The convergence of spirituality with fundraising

Mark PetersenFundraisingLeave a Comment

Before launching Stronger Philanthropy and offering our services to multiple families, I used to work for our own family’s foundation. People would always ask, “What’s the best grant you’ve ever funded?” And I would reply with several examples that warmed my heart. But then I would offer, “Do you want to know the best grant we never funded?”

In 2003 our foundation had the opportunity to finance the initial printing and dissemination of celebrated author Henri Nouwen’s The Spirituality of Fundraising, a now-published work that has gone viral within the Christian fundraising community and benefited so many (including me). Regretfully, our committee couldn’t come to agreement and chose not to fund it. Dejected, I called up another funder to introduce him to this project, and they proceeded with that initial grant. The impact from their donation is still felt today. It was the best grant we never funded.

I thought of that strange sequence when the e-newsletter from the Lilly School of Philanthropy at Indiana University dropped into my inbox a few hours ago. Rarely do we see anything in the world of advancement where spirituality is referenced. But Meredith McNab writes of the opportunity for fundraisers to offer spiritual discernment practices that intersect with the aspirations of donors.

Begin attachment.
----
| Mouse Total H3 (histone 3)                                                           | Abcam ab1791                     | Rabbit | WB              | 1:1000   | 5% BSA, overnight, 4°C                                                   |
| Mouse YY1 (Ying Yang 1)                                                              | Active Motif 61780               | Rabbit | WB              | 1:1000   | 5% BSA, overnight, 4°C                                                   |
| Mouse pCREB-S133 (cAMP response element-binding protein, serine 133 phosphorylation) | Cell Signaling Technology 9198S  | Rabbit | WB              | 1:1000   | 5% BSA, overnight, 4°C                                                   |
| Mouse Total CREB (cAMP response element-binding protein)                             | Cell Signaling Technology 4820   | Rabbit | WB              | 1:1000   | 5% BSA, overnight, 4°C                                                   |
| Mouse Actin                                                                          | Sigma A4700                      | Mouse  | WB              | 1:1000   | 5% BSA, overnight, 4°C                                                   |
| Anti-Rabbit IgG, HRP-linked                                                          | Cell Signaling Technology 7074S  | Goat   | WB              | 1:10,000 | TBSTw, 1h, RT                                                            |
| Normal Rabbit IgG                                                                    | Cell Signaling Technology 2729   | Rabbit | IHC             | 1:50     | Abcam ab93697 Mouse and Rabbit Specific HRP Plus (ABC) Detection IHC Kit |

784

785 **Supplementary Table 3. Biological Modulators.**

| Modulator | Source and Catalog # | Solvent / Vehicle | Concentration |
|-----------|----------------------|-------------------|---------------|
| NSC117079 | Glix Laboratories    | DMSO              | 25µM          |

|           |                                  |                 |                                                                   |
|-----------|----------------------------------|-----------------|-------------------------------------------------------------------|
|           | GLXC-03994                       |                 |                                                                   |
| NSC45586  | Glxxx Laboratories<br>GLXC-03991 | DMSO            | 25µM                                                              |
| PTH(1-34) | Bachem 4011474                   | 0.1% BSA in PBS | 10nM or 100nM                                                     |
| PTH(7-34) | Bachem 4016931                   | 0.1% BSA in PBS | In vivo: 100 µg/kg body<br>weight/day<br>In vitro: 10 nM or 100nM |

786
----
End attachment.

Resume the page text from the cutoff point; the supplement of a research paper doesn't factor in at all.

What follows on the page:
She explains,

Discernment is the process by which people clarify their choices and values in order to see which next step best aligns with what they believe to be the right thing, so that then they can make a decision. In some sense, it is a process of clarifying one’s choices and comparing them with one’s “yardstick” that holds meaning, with an expectation that God is in some way present and active in the process.

It’s in conversation with others about one’s deeply held values and how they might intersect with their donations that the interests of the charity and the donor can converge. This process moves grantmaking from a stale, technical exercise to a potentially joyful encounter with the world. As McNab states, having the courage to do so may unlock these sacred moments.

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